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MacBytes
May 11, 2007, 08:45 AM
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Category: Tunes
Link: iTunes income substantial for music partners (http://www.macbytes.com/link.php?sid=20070511094526)
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Posted on MacBytes.com (http://www.macbytes.com)
Approved by Mudbug

whooleytoo
May 11, 2007, 10:15 AM
Yikes. Half a penny per track sold on Ruckus? Only a thousand tracks sold on Real? (he said it as a real sale figure rather than a hypothetical, that can't be true?)

Not good figures there for the labels or the other stores.

PlaceofDis
May 11, 2007, 10:16 AM
Yikes. Half a penny per track sold on Ruckus? Only a thousand tracks sold on Real? (he said it as a real sale figure rather than a hypothetical, that can't be true?)

Not good figures there for the labels or the other stores.

the real one i believe, they push for their subscription model. which Real probably gets the majority of. and no way to track per-song basis.

mkrishnan
May 11, 2007, 10:24 AM
This is exactly the reason iTunes should get its head out of the sand and adopt the subscription model of all the other stores before it gets run over. ;)

And also, P.S., it *has* been a while since there have been rumors that the labels would force iTunes into differential pricing for different artists and higher prices than $0.99 per track in the US, etc., hasn't it? Granted that EMI is selling $1.29 DRM-free tracks, otherwise, nothing like this has come to fruition. And now, the cat is out of the bag that the record labels are doing much better financially with iTS than with competitors. Gasp. Shock.

PlaceofDis
May 11, 2007, 10:28 AM
This is exactly the reason iTunes should get its head out of the sand and adopt the subscription model of all the other stores before it gets run over. ;)

And also, P.S., it *has* been a while since there have been rumors that the labels would force iTunes into differential pricing for different artists and higher prices than $0.99 per track in the US, etc., hasn't it? Granted that EMI is selling $1.29 DRM-free tracks, otherwise, nothing like this has come to fruition. And now, the cat is out of the bag that the record labels are doing much better financially with iTS than with competitors. Gasp. Shock.

mind you, its Apple setting the price at $1.29/track for the non-drm'ed ones, not EMI. but they probably worked out the price-point and reasoning for it amongst themselves. in other words, sell more songs via pushing album sales over track sales.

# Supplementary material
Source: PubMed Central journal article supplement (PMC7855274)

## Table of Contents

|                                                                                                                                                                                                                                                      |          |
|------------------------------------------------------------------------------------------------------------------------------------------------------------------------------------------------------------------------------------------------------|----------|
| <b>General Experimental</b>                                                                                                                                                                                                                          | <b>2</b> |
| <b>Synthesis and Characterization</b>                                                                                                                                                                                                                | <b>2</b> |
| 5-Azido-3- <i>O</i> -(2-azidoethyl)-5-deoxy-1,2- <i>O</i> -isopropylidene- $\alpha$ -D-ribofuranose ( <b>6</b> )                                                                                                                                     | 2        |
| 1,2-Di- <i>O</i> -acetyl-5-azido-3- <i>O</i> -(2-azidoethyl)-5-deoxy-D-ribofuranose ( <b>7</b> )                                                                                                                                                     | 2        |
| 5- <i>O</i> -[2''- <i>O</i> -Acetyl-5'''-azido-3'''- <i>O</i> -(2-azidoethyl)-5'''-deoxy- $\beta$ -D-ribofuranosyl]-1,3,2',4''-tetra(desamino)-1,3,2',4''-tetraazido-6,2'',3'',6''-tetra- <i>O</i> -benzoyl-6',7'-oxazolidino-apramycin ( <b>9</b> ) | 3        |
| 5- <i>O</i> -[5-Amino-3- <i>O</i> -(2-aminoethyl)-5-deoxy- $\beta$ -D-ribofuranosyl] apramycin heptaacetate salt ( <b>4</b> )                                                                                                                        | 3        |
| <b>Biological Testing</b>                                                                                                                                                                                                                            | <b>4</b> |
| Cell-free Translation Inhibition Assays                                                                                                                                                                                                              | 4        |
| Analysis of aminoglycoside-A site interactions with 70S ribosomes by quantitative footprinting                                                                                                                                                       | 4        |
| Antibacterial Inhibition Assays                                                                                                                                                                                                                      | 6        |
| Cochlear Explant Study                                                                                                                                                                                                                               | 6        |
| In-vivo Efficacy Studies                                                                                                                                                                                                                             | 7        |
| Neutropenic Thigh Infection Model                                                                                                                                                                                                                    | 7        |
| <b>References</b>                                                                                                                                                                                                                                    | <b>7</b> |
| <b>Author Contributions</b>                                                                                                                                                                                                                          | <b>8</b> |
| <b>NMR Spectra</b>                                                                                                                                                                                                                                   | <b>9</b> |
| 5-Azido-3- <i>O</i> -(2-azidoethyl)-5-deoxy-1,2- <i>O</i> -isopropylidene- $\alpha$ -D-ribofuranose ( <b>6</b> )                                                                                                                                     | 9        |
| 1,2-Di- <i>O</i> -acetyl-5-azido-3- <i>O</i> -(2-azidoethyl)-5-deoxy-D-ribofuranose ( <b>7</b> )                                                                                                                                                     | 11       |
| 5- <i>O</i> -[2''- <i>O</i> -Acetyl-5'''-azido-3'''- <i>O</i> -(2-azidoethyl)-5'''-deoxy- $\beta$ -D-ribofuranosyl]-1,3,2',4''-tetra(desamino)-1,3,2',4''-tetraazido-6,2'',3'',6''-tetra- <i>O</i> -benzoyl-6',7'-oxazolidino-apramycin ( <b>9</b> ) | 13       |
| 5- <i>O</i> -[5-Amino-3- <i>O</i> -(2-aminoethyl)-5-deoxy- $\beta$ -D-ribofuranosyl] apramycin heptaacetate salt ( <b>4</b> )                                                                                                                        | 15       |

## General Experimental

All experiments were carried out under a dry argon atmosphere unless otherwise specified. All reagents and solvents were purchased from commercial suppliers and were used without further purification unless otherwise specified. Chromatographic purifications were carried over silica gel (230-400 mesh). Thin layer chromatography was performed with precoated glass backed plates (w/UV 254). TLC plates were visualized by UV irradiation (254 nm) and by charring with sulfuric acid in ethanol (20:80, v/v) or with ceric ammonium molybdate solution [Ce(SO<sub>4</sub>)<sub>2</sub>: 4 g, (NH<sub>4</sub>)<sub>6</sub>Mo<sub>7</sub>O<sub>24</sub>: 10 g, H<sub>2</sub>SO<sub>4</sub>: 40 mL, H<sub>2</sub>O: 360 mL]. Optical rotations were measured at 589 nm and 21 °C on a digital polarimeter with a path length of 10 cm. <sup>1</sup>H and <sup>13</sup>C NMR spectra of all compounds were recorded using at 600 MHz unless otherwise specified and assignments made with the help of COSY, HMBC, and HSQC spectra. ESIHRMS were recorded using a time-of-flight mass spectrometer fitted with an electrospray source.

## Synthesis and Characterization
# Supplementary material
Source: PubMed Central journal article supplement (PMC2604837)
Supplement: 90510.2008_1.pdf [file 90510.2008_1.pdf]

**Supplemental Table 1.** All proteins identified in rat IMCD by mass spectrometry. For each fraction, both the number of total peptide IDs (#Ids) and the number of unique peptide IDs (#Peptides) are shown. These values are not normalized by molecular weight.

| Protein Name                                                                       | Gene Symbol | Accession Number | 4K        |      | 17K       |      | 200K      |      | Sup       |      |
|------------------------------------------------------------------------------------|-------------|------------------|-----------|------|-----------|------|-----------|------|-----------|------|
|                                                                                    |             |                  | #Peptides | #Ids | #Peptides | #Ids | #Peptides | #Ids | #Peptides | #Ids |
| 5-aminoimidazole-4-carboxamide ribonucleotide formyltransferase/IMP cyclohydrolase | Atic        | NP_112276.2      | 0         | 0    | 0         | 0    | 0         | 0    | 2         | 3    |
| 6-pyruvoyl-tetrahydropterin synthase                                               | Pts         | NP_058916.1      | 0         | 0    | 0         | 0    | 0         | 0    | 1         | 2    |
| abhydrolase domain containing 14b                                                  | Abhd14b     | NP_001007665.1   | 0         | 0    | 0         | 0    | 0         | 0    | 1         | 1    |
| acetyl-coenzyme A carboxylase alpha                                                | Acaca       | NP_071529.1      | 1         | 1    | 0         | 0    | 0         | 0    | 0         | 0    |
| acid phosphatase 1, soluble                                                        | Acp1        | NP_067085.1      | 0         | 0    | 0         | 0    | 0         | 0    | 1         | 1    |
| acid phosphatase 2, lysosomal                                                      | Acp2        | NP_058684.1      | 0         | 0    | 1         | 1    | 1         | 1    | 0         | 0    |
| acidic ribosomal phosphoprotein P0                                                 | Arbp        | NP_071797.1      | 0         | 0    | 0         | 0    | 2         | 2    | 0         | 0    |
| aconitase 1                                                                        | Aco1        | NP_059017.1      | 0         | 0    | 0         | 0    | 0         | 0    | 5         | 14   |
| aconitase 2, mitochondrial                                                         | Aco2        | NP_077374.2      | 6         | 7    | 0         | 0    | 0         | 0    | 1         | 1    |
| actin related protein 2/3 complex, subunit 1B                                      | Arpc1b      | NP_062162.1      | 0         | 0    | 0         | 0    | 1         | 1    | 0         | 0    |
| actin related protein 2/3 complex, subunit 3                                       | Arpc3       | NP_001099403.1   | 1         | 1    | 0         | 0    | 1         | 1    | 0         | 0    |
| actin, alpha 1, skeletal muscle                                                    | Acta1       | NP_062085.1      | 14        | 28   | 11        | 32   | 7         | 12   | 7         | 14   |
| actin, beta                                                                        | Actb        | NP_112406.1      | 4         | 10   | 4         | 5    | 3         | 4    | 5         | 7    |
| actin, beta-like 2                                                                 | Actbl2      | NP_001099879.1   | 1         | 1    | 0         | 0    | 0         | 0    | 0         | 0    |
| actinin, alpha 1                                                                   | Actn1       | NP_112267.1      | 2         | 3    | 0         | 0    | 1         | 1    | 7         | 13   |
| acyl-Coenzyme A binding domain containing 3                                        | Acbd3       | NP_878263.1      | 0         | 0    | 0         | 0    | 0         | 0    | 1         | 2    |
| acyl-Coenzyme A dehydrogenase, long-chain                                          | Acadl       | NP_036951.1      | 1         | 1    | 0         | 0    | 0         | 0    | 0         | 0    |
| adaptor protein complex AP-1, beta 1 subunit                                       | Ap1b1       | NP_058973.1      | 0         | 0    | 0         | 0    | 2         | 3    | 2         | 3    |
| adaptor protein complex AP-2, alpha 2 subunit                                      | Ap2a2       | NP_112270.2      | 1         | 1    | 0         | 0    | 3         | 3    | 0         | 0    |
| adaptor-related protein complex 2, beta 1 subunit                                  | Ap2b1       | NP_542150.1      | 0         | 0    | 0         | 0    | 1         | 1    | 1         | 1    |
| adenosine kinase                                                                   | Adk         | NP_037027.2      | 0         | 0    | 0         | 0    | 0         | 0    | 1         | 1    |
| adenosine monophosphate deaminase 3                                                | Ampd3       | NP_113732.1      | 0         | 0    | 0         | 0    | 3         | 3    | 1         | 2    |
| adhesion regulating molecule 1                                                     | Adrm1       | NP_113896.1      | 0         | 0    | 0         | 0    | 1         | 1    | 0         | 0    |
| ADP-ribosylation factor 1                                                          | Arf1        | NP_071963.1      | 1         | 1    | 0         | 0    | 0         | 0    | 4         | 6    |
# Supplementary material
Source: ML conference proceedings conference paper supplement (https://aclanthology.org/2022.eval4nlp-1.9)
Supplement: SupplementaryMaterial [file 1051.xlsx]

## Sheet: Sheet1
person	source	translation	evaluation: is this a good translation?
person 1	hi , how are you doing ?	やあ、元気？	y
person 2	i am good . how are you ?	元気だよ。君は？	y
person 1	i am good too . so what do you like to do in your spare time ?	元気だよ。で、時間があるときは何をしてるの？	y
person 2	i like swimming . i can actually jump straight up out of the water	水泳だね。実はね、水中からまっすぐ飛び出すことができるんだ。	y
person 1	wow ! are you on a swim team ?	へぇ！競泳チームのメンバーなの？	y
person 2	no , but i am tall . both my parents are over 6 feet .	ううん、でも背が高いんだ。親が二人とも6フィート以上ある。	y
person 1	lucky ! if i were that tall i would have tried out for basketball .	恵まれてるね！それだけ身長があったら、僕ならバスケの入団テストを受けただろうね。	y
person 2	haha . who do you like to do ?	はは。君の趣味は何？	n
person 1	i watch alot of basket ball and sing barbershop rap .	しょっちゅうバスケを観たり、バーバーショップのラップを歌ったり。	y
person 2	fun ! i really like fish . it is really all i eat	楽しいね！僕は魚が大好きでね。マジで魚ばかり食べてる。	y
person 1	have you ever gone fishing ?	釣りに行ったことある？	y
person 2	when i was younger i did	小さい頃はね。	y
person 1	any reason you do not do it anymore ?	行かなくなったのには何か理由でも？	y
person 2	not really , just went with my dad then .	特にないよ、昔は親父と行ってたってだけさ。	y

whooleytoo
May 11, 2007, 10:36 AM
This is exactly the reason iTunes should get its head out of the sand and adopt the subscription model of all the other stores before it gets run over. ;)

While the general subscription model is something I don't care for, I quite like eMusic's version of a subscription model - effectively you subscribe to a certain number of tracks per month; if you leave you still own them.

It encourages people to buy a lot more music, cheaply; rather than buy fewer tracks for a lot more.

mkrishnan
May 11, 2007, 10:40 AM
It encourages people to buy a lot more music, cheaply; rather than buy fewer tracks for a lot more.

So essentially, it provides you with a discount purchase price as long as you purchase at a steady rate? That sounds like a reasonable system.

whooleytoo
May 11, 2007, 11:01 AM
So essentially, it provides you with a discount purchase price as long as you purchase at a steady rate? That sounds like a reasonable system.

Exactly. The downsides being the lack of iTunes' simplicity and flexibility. The advantages the price and no DRM.

Analog Kid
May 11, 2007, 11:10 PM
While the general subscription model is something I don't care for, I quite like eMusic's version of a subscription model - effectively you subscribe to a certain number of tracks per month; if you leave you still own them.

It encourages people to buy a lot more music, cheaply; rather than buy fewer tracks for a lot more.
I'm with you, sounds like a reasonable system. Wouldn't want it to be my only choice, mind you...

I think the volume upside is what a lot of these companies are missing here-- both in music and video. They've driven their per-unit cost to pretty darn close to zero so driving the volume up is a sure win.

dontmatter
May 12, 2007, 10:35 PM
Exactly. The downsides being the lack of iTunes' simplicity and flexibility. The advantages the price and no DRM.

Eh, more than that. It's like a cell phone plan- make you choose in advance how much you are going to need, even though there is no need for this to be the case, except that it forces you to buy more just in case, to get a good deal. And then there will always be those months when you don't use nearly as much as you thought you would, but you paid for it. This model is better than subscriptions where you loose the music you don't use, but it has to offer a great deal to interest me.

spydr
May 14, 2007, 08:36 PM
Exactly. The downsides being the lack of iTunes' simplicity and flexibility. The advantages the price and no DRM.Isn't another significant drawback the lack of a lot of the mainstream songs? While I have enjoyed their indi and foreign selection (indian classical and bollywood songs!) that was about it for me. Perhaps it has changed in recent times...